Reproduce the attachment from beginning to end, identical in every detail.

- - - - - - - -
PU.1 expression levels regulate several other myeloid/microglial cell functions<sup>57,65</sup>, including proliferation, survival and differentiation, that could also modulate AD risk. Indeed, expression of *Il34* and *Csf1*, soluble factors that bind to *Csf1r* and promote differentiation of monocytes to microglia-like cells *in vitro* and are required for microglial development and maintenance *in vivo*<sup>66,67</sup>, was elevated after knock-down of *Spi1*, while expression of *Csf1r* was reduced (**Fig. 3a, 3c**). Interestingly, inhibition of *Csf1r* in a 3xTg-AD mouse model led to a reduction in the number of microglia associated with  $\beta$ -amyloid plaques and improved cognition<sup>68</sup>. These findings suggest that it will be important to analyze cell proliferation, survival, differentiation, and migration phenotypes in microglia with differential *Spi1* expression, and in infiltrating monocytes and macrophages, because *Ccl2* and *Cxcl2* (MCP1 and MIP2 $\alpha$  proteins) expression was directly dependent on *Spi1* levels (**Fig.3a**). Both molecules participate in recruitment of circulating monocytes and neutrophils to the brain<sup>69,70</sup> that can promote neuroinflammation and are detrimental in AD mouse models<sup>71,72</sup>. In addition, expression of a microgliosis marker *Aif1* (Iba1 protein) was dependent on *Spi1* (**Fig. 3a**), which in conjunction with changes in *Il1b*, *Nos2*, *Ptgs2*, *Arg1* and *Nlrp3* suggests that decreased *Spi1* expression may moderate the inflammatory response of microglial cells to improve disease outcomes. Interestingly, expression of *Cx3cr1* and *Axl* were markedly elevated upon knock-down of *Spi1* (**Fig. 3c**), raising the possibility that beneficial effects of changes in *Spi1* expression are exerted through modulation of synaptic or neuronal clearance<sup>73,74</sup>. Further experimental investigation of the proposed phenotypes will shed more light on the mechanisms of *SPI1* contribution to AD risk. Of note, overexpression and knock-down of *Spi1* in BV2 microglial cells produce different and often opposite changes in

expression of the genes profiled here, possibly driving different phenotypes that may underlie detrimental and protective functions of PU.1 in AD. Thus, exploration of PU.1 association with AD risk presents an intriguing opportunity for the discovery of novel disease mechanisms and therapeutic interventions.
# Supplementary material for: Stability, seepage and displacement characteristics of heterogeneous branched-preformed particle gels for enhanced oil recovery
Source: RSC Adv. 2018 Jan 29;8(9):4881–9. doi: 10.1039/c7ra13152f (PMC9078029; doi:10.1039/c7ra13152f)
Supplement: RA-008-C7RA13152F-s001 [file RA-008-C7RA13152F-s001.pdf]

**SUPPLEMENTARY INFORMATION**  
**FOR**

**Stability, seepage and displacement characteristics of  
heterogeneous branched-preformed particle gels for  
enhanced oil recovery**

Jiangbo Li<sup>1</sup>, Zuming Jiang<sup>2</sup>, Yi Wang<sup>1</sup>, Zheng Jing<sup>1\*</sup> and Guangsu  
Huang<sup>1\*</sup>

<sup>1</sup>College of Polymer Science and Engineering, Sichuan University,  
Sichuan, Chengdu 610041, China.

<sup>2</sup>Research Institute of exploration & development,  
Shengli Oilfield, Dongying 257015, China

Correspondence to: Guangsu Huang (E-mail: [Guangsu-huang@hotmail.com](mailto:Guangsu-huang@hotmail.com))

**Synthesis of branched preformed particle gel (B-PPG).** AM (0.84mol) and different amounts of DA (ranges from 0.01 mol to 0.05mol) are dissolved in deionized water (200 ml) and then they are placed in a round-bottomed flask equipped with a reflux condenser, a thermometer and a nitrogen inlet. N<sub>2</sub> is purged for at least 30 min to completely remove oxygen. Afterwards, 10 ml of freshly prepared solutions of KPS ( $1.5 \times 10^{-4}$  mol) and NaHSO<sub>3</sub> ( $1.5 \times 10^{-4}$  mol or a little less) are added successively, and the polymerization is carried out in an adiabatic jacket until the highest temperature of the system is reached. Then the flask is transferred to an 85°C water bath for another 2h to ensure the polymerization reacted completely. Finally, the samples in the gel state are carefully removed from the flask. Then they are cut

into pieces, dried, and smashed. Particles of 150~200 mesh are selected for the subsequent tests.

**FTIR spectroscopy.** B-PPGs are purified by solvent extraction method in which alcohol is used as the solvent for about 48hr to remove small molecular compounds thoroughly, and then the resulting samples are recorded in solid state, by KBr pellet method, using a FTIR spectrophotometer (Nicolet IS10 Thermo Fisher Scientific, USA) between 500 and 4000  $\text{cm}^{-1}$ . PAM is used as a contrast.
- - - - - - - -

PU.1 expression levels regulate several other myeloid/microglial cell functions<sup>57,65</sup>, including proliferation, survival and differentiation, that could also modulate AD risk. Indeed, expression of *Il34* and *Csf1*, soluble factors that bind to *Csf1r* and promote differentiation of monocytes to microglia-like cells *in vitro* and are required for microglial development and maintenance *in vivo*<sup>66,67</sup>, was elevated after knock-down of *Spi1*, while expression of *Csf1r* was reduced (**Fig. 3a, 3c**). Interestingly, inhibition of *Csf1r* in a 3xTg-AD mouse model led to a reduction in the number of microglia associated with  $\beta$ -amyloid plaques and improved cognition<sup>68</sup>. These findings suggest that it will be important to analyze cell proliferation, survival, differentiation, and migration phenotypes in microglia with differential *Spi1* expression, and in infiltrating monocytes and macrophages, because *Ccl2* and *Cxcl2* (MCP1 and MIP2 $\alpha$  proteins) expression was directly dependent on *Spi1* levels (**Fig.3a**). Both molecules participate in recruitment of circulating monocytes and neutrophils to the brain<sup>69,70</sup> that can promote neuroinflammation and are detrimental in AD mouse models<sup>71,72</sup>. In addition, expression of a microgliosis marker *Aif1* (Iba1 protein) was dependent on *Spi1* (**Fig. 3a**), which in conjunction with changes in *Il1b*, *Nos2*, *Ptgs2*, *Arg1* and *Nlrp3* suggests that decreased *Spi1* expression may moderate the inflammatory response of microglial cells to improve disease outcomes. Interestingly, expression of *Cx3cr1* and *Axl* were markedly elevated upon knock-down of *Spi1* (**Fig. 3c**), raising the possibility that beneficial effects of changes in *Spi1* expression are exerted through modulation of synaptic or neuronal clearance<sup>73,74</sup>. Further experimental investigation of the proposed phenotypes will shed more light on the mechanisms of *SPI1* contribution to AD risk. Of note, overexpression and knock-down of *Spi1* in BV2 microglial cells produce different and often opposite changes in

expression of the genes profiled here, possibly driving different phenotypes that may underlie detrimental and protective functions of PU.1 in AD. Thus, exploration of PU.1 association with AD risk presents an intriguing opportunity for the discovery of novel disease mechanisms and therapeutic interventions.
# Supplementary material for: Stability, seepage and displacement characteristics of heterogeneous branched-preformed particle gels for enhanced oil recovery
Source: RSC Adv. 2018 Jan 29;8(9):4881–9. doi: 10.1039/c7ra13152f (PMC9078029; doi:10.1039/c7ra13152f)
Supplement: RA-008-C7RA13152F-s001 [file RA-008-C7RA13152F-s001.pdf]

**SUPPLEMENTARY INFORMATION**  
**FOR**

**Stability, seepage and displacement characteristics of  
heterogeneous branched-preformed particle gels for  
enhanced oil recovery**

Jiangbo Li<sup>1</sup>, Zuming Jiang<sup>2</sup>, Yi Wang<sup>1</sup>, Zheng Jing<sup>1\*</sup> and Guangsu  
Huang<sup>1\*</sup>

<sup>1</sup>College of Polymer Science and Engineering, Sichuan University,  
Sichuan, Chengdu 610041, China.

<sup>2</sup>Research Institute of exploration & development,  
Shengli Oilfield, Dongying 257015, China

Correspondence to: Guangsu Huang (E-mail: [Guangsu-huang@hotmail.com](mailto:Guangsu-huang@hotmail.com))

**Synthesis of branched preformed particle gel (B-PPG).** AM (0.84mol) and different amounts of DA (ranges from 0.01 mol to 0.05mol) are dissolved in deionized water (200 ml) and then they are placed in a round-bottomed flask equipped with a reflux condenser, a thermometer and a nitrogen inlet. N<sub>2</sub> is purged for at least 30 min to completely remove oxygen. Afterwards, 10 ml of freshly prepared solutions of KPS ( $1.5 \times 10^{-4}$  mol) and NaHSO<sub>3</sub> ( $1.5 \times 10^{-4}$  mol or a little less) are added successively, and the polymerization is carried out in an adiabatic jacket until the highest temperature of the system is reached. Then the flask is transferred to an 85°C water bath for another 2h to ensure the polymerization reacted completely. Finally, the samples in the gel state are carefully removed from the flask. Then they are cut

into pieces, dried, and smashed. Particles of 150~200 mesh are selected for the subsequent tests.

**FTIR spectroscopy.** B-PPGs are purified by solvent extraction method in which alcohol is used as the solvent for about 48hr to remove small molecular compounds thoroughly, and then the resulting samples are recorded in solid state, by KBr pellet method, using a FTIR spectrophotometer (Nicolet IS10 Thermo Fisher Scientific, USA) between 500 and 4000  $\text{cm}^{-1}$ . PAM is used as a contrast.